Missing Canadian station CHHA-1610 (Toronto) has been added. The Industry Canada database is missing a class identifier for this station, so I have placed it in Class C which I believe to be correct. I have written to IC about this omission, but they have not responded.

New on the maps this year are the Canadian low power stations, which generally run 20-40 watts. Due to the low power, they generally will not generate a skywave pattern, but the daytime pattern should be substituted. They may be receivable at distance, however, don't give up!

Again for 2020, the following parametrics are considered in the skywave calculation:

   * Hourly transitional loss variance from sunset to sunrise.
   * Seasonal gain or loss, January - December.
   * Diurnal enhancement at the sunrise and sunset period.
   * Winter daytime skywave enhancement (only on maps created for times during the day).
   * Daily seasonal nighttime skywave enhancement.
   * Take off angle variances for stations at relatively close distances (experimental).

2. Colored plot (yellow), again, for groundwave 1.0 mV/m level.

3. Small changes made to the map's title bar heading. Signal dBu (dBµV/m) is now displayed instead of millivolts per meter. Also the map's day of year (DOY) and GMT time "z" are displayed.

4. Unlimited, Daytime, and Critical Hours plots are at the 1.0 (60 dBu) and 0.1 mV/m (40 dBu) levels. Skywave is set at the 0.1 mV/m level. Levels have been chosen to minimize pattern overlap yet still attempt to show what you can accurately hear during the day and night.


Included is a complete set of GoogleMap-based, HTML-driven maps which show the most current pattern plots of all licensed US and Canadian mediumwave broadcast stations from 530 - 1700 KHz. The set includes all frequencies for the indicated services: Unlimited, Daytime, Nighttime, and Critical Hours. Individual maps are grouped by channel frequency: 540, 550, 560, .. 1700 KHz, etc. Data for the plots in this offering is based on the current FCC and Industry Canada databases available at the time of its creation (January 21, 2020).

The daytime map series, in two parts, shows expected groundwave coverage patterns for Unlimited and Daytime (part 1), and Critical Hours (part 2) operations. Daytime signal patterns represent groundwave coverage at two levels, out to the 1.0 and 0.1 millivolts per meter contours (60 dBu and 40 dBu respectively). The choice of these levels is made in order to more closely match those which might be helpful to the mediumwave DXer. Note that daytime reception of signals out to and beyond the depicted 0.1 mV/m pattern is very possible, and in fact likely for the DXer. The contour line represents a signal strength at the station's extreme fringe distance, a level usually received on a sensitive portable radio with a low ambient local-noise level. I have chosen this signal level to give a good representation of what can be received by most DXers during sunlight hours.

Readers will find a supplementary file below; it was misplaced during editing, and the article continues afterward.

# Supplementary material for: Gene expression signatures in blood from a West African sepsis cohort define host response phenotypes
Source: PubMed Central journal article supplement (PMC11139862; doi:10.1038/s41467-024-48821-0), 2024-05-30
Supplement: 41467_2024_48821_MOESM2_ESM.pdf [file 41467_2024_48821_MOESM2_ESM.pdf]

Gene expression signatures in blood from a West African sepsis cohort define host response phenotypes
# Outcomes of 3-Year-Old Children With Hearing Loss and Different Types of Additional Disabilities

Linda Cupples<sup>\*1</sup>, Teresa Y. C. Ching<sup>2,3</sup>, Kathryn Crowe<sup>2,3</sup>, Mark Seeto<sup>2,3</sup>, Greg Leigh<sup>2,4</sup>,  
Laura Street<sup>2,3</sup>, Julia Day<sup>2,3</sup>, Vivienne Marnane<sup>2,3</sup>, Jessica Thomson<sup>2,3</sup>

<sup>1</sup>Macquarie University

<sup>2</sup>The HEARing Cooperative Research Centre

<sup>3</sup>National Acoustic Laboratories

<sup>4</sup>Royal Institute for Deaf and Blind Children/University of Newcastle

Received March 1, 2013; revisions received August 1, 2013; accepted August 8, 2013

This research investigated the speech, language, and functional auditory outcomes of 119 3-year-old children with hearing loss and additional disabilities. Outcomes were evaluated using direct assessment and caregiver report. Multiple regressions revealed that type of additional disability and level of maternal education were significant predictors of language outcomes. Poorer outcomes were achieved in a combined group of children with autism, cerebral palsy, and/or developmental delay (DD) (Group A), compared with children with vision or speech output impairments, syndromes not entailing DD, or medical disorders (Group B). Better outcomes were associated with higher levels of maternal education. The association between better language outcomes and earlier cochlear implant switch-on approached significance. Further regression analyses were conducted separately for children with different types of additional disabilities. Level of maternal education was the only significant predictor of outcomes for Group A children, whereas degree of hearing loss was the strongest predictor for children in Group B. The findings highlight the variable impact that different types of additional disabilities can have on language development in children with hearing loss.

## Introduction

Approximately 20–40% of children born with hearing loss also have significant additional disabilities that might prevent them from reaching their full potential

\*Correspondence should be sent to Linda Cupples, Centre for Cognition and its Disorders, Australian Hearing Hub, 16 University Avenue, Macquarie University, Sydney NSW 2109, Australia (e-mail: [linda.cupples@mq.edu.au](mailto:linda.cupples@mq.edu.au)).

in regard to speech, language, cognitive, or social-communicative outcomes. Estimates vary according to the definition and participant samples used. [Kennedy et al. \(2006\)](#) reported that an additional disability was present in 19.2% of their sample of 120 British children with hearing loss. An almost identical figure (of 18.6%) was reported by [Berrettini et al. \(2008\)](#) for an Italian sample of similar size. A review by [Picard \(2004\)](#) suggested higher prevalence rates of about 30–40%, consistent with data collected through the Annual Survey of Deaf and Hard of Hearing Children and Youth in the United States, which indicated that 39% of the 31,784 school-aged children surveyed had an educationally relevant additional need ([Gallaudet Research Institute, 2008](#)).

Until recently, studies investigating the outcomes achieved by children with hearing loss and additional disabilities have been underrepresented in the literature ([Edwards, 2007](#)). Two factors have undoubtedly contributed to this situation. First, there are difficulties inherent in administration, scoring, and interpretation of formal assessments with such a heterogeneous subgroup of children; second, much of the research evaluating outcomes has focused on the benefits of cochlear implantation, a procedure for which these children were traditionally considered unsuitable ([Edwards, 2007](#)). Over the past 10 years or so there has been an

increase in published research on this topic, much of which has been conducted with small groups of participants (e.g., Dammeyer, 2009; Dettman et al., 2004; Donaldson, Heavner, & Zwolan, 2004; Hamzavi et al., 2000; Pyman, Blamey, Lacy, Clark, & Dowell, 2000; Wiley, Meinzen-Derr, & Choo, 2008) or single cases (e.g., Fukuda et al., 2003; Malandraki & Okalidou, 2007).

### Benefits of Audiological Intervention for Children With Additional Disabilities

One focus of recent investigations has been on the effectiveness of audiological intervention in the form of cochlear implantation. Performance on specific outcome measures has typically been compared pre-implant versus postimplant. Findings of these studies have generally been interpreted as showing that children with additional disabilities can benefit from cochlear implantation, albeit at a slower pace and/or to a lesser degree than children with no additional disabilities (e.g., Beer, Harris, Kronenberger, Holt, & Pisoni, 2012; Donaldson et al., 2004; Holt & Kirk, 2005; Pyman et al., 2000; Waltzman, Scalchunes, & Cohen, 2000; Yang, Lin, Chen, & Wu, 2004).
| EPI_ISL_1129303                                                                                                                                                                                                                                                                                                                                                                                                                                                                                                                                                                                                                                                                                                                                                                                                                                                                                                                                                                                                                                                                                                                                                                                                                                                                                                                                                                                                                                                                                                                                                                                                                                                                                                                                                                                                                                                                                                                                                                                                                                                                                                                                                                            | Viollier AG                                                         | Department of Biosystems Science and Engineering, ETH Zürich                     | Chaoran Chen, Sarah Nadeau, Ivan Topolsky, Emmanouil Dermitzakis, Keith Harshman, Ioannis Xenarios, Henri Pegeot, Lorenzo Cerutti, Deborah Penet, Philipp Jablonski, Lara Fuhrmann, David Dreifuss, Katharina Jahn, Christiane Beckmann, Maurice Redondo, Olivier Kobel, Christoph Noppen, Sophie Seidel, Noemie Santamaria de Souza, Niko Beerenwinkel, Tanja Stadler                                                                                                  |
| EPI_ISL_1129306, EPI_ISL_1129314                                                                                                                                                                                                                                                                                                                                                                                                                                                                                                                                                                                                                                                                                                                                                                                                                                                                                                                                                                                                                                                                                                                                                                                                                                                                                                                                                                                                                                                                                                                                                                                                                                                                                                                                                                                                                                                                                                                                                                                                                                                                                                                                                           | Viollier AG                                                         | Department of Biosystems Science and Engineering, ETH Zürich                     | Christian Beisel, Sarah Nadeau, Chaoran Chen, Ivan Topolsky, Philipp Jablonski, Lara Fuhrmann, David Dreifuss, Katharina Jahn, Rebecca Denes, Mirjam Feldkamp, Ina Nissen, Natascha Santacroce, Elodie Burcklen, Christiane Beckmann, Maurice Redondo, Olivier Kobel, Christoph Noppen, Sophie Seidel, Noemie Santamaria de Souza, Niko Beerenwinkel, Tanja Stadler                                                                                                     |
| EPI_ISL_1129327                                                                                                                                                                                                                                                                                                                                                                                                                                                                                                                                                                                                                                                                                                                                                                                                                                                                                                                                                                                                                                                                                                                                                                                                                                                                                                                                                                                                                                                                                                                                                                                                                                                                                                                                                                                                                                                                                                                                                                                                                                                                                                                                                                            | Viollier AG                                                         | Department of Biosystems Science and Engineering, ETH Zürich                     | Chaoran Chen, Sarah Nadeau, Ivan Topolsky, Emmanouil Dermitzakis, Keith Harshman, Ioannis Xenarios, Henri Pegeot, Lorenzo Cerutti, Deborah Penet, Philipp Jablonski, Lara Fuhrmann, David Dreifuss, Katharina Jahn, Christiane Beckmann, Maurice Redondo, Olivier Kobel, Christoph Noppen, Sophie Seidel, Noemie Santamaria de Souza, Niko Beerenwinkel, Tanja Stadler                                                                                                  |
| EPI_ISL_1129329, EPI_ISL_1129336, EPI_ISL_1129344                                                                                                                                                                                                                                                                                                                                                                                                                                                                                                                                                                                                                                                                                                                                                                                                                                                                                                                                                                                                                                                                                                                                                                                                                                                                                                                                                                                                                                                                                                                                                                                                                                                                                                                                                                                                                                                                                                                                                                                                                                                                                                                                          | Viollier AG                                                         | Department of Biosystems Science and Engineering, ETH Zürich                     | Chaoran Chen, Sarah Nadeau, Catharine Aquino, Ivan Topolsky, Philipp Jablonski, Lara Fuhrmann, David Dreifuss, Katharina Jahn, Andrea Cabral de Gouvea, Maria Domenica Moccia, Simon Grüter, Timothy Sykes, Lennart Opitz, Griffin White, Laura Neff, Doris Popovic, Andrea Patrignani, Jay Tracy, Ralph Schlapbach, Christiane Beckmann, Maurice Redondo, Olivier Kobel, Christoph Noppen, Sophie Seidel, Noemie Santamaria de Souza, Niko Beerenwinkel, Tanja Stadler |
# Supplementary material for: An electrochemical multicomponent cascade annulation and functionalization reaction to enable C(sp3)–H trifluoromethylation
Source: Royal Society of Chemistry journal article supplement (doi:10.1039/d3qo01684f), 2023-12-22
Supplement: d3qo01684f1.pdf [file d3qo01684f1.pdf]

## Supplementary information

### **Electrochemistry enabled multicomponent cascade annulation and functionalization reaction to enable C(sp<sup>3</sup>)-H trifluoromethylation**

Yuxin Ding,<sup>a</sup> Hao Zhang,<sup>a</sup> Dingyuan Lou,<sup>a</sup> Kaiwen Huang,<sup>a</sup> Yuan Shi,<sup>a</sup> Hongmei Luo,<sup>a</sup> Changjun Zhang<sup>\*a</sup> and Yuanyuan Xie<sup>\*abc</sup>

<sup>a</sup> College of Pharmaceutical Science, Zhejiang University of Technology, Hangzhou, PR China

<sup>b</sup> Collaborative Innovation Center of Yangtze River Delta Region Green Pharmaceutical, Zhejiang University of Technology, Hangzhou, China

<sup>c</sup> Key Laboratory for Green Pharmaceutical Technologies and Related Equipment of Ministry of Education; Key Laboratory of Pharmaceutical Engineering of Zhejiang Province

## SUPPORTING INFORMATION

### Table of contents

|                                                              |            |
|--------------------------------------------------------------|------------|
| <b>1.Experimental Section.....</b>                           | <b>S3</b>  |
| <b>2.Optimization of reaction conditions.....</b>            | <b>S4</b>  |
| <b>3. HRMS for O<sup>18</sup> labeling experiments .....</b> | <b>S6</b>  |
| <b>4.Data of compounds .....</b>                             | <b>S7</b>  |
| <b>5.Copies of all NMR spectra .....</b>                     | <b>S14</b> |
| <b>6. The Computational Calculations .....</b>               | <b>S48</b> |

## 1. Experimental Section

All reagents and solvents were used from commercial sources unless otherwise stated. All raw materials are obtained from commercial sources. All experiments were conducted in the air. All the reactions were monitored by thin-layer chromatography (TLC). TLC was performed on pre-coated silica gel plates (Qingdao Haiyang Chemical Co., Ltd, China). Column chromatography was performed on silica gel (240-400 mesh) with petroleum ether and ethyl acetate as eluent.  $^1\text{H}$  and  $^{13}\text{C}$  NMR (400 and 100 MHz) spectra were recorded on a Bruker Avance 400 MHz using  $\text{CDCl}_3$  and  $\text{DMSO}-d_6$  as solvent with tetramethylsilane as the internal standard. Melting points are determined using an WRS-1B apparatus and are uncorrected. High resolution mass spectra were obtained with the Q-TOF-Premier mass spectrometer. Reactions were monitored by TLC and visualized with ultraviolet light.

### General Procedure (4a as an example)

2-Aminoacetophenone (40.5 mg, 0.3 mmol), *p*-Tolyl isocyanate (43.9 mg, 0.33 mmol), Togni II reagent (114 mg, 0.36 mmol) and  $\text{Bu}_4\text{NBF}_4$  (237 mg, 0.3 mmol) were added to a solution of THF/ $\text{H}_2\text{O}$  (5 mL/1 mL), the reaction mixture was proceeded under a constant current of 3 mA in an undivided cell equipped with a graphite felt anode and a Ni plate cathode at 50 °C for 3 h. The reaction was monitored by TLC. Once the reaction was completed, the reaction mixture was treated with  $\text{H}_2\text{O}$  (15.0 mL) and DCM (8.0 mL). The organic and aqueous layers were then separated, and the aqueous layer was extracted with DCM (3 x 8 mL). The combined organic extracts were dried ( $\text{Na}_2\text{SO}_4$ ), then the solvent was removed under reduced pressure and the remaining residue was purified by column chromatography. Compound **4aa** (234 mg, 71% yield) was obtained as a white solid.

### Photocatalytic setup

The nighttime map series shows expected skywave coverage patterns for Unlimited and Nighttime operations. Nighttime signal patterns represent the standard SS+6 (sunset plus 6 hours, or approximately midnight Central Standard Time), 50% signal probability at 0.1 millivolts per meter (40 dBu). Note also that nighttime reception of signals out to and beyond the depicted pattern is very possible, and in fact quite likely for a skywave signal. The maps represent a signal strength at the fringe level. I have chosen this signal level to give a good representation of what is possibly received by most DXers on an average evening. The nighttime signal probability of 50% means that the signal will be received at this level approximately 50% of the time at Central Standard Time.


Using the actual FCC database files, Radio Data MW will auto-generate an interactive HTML pattern map, showing the pattern plots for all stations included at the discretion of the user. A complete set of mediumwave pattern maps can be generated in about eight hours of processing time. Processing time had increased by nearly two hours by 2019 due to enhanced skywave calculations and other upgrades.

For daytime signal maps, Radio Data MW generates a real pattern plot based on transmitter power, antenna array efficiency and directivity, ground conductivity and ground dielectric constant of the path to the receiver. Increased conductivity of water paths over the Great Lakes are also accounted for. It displays actual (but approximate of course) signal level boundaries for Local, Distant, Fringe, Extreme mV/m levels, or any custom mV/m level chosen by the user.

For skywave signal maps, predicted signal levels are calculated in accordance with current FCC or ITU methods of recent years (1999 onward). A number of parametrics are now analyzed and accounted for in the calculation, namely diurnal and seasonal changes, and daily sunrise and sunset enhancements to the signal. The process is rather complicated.